Investigation: 26 high-hazard Kansas dams in poor condition
WICHITA, Kan. (AP) — Nearly a century ago, the Atchison, Topeka and Santa Fe Railway built a large dam near Augusta to supply water for the steam locomotives that at the time were chugging across the dusty Kansas prairie.
Today the aging Santa Fe Lake Dam is considered a high-hazard dam because of its potential for the loss of life if it fails. An analysis by The Associated Press of dams across the country has found that it’s among more than two dozen potentially dangerous dams in Kansas that are in such poor shape they are vulnerable to failure.
Augusta acquired the Santa Fe Lake Dam, located about 3 miles west of town, in 1950 as a supplemental water supply. The dam, built in 1927, is 1,110 feet long and 38 feet tall with a maximum water depth of 11 feet. Its spillway was found during an inspection last year to be in “extremely poor condition.” Inspectors noted it also has inadequate capacity that makes it vulnerable to overtopping or failure during a significant storm.
Several farmsteads, roads and a bridge are located immediately downstream, but it is unclear how many houses would be affected by a breach. The emergency action plan filed two decades ago only broadly mentions housing additions and residences along various roads that would need to be evacuated.
A two-year investigation by the AP identified at least 1,680 dams nationwide that are rated as high-hazard because of the potential for loss of life if they failed and are considered to be in poor or unsatisfactory condition.
Emergency plans obtained by the AP indicate that thousands of people across the nation are living and working downstream and could be at risk if those dams were to catastrophically fail, while separate inspection reports cite a variety of problems. Those include leaks that can indicate a dam is failing internally, unrepaired erosion, holes from burrowing animals and extensive tree growth, which can destabilize earthen dams. In some cases, inspectors also flagged spillways that are too small to handle the amount of water that could result from increasingly intense rainstorms due to a changing climate.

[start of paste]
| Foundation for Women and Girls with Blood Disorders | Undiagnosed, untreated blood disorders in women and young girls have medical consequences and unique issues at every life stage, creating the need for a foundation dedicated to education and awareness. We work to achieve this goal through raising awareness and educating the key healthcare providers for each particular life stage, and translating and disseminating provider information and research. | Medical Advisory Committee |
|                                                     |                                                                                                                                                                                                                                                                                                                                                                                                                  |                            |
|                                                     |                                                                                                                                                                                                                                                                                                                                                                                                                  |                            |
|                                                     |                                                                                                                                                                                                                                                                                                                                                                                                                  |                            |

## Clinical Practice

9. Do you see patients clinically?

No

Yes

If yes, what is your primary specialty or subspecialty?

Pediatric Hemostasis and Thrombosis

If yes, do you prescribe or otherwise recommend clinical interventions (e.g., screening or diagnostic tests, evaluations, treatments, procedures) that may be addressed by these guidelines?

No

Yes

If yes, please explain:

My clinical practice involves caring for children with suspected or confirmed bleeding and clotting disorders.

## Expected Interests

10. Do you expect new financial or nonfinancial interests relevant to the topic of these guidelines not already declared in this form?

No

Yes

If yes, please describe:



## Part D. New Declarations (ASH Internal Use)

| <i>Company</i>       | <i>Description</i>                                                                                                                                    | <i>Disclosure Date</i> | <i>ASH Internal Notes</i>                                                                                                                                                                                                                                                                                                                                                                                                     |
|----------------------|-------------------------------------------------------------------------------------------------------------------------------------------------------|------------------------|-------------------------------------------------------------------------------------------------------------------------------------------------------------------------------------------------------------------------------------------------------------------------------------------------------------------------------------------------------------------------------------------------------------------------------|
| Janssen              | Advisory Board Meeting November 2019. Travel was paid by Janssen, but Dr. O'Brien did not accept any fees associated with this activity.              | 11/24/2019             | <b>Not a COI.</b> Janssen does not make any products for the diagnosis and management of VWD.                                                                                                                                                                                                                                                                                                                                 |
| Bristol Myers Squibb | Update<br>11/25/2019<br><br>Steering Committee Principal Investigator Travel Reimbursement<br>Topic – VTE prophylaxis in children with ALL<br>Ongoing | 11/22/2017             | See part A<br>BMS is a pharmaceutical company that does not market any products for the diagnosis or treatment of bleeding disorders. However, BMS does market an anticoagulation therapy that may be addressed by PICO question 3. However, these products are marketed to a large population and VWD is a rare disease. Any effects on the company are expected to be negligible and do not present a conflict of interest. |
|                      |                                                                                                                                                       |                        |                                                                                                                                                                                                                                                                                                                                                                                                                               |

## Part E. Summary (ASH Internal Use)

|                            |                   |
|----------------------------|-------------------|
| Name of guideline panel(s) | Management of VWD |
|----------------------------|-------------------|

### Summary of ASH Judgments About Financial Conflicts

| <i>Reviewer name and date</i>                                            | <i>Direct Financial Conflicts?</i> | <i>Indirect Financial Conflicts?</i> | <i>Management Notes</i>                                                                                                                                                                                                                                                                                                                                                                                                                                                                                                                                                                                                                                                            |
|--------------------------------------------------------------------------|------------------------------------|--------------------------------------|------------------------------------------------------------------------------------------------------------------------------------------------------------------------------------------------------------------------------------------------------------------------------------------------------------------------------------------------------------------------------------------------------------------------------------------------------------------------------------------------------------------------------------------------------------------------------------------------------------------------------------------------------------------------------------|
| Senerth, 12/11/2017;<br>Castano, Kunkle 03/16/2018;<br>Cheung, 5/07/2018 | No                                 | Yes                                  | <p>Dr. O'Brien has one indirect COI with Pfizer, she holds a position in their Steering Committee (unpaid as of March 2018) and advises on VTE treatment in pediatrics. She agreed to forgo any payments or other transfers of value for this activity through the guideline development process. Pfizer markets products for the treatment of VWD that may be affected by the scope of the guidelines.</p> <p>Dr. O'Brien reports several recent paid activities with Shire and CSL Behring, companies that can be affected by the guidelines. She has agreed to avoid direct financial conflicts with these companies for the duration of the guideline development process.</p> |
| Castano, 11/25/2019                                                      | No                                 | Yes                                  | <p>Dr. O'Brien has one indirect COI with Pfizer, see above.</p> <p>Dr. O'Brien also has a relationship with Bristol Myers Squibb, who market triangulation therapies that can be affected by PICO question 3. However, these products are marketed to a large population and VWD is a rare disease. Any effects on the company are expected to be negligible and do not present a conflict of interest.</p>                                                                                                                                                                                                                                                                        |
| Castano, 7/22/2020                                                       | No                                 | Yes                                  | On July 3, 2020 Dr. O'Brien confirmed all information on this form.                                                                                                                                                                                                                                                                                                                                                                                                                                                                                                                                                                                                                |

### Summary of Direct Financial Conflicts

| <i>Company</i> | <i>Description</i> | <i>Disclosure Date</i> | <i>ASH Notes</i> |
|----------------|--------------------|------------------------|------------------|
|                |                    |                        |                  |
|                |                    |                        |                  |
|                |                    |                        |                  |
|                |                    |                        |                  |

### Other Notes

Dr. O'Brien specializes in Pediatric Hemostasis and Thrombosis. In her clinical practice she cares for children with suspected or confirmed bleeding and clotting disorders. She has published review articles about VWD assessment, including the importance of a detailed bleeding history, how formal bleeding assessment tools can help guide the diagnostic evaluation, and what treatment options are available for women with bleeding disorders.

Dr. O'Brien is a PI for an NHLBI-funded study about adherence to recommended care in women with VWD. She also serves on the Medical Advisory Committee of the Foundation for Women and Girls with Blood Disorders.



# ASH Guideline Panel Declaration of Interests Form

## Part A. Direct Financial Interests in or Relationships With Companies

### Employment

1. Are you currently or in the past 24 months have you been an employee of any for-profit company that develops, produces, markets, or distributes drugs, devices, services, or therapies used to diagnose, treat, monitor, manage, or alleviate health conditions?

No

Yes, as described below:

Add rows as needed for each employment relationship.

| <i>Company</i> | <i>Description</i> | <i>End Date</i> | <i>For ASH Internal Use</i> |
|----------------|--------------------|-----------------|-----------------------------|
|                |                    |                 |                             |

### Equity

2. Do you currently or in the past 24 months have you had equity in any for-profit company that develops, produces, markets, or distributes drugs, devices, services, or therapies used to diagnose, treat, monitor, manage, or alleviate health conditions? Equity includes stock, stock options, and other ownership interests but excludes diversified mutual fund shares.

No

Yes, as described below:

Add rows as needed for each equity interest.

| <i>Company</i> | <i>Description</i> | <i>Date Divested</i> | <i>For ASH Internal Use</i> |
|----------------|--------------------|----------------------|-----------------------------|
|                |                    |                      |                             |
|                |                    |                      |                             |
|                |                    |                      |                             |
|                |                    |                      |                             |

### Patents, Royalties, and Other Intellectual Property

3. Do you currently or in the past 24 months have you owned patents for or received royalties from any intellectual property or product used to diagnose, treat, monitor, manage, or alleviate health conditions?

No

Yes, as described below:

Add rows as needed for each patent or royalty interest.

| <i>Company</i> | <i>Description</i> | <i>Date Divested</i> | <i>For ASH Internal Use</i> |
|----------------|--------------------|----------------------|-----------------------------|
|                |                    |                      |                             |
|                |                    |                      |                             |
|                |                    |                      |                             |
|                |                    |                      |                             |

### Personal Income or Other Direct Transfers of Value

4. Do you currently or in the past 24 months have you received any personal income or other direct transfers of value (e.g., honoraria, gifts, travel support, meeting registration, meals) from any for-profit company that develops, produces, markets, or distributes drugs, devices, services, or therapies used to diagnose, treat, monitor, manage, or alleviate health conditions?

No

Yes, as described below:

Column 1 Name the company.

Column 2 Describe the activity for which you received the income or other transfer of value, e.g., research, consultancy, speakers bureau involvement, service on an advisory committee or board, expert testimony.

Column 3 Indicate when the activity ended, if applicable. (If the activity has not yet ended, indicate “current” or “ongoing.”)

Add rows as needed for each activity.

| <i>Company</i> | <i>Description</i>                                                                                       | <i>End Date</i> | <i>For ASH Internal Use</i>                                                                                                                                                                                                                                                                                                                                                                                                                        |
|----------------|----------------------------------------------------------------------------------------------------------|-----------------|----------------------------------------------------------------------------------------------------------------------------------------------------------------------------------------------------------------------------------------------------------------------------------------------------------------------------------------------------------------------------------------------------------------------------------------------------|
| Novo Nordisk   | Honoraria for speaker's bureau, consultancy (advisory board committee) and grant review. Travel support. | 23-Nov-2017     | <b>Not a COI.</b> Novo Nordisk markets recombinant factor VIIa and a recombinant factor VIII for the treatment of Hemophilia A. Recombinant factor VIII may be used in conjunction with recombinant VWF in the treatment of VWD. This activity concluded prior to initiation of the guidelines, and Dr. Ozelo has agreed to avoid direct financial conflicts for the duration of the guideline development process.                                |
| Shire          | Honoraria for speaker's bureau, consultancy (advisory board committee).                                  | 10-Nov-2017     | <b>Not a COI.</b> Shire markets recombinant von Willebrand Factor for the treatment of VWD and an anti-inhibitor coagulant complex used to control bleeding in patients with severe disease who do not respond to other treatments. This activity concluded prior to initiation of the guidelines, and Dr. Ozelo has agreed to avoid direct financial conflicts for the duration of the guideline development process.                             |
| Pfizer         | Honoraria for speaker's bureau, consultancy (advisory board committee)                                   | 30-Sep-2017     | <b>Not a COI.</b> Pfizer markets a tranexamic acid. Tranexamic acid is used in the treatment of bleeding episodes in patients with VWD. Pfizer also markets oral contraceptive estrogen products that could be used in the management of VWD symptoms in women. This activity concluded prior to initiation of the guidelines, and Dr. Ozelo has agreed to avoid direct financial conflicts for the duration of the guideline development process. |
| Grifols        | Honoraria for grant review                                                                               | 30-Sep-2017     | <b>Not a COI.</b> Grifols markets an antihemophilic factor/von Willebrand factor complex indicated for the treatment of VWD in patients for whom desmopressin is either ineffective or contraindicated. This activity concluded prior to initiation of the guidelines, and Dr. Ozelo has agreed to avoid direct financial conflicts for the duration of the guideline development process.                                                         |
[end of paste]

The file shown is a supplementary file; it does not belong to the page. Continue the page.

Kansas has 6,205 dams, including 309 classified as high-hazard, of which 26 were rated in unsatisfactory or poor condition in 2018. One of those was missing an emergency action plan in the event of a failure, and six had out-of-date inspections as of summer 2018.
“Anytime we’ve had like emergency situations, we have kind of known about it in enough time to get people notified and then nothing has happened with the structure anyway,” said Terry Medley, the state’s water structures program manager. “So, no, I don’t think there are any that keep me up at night.”
The state has had 31 reported dam incidents, including seven failures, since 1925, according to Stanford University’s National Performance of Dams Program. The most notable one occurred in 1951 when the Fall River Dam in Greenwood County failed, resulting in 11 deaths.
When the city of Augusta repaired a separate dam in 2012, it was able to partner with the state to help pay for it. But that program is no longer available for repairs on the Santa Fe Lake Dam, said Augusta City Manager Josh Shaw. A preliminary estimate pegged the cost of repairing the Santa Fe Dam’s crumbling spillway at $930,000. The city has been working with state regulators to address various concerns, he said.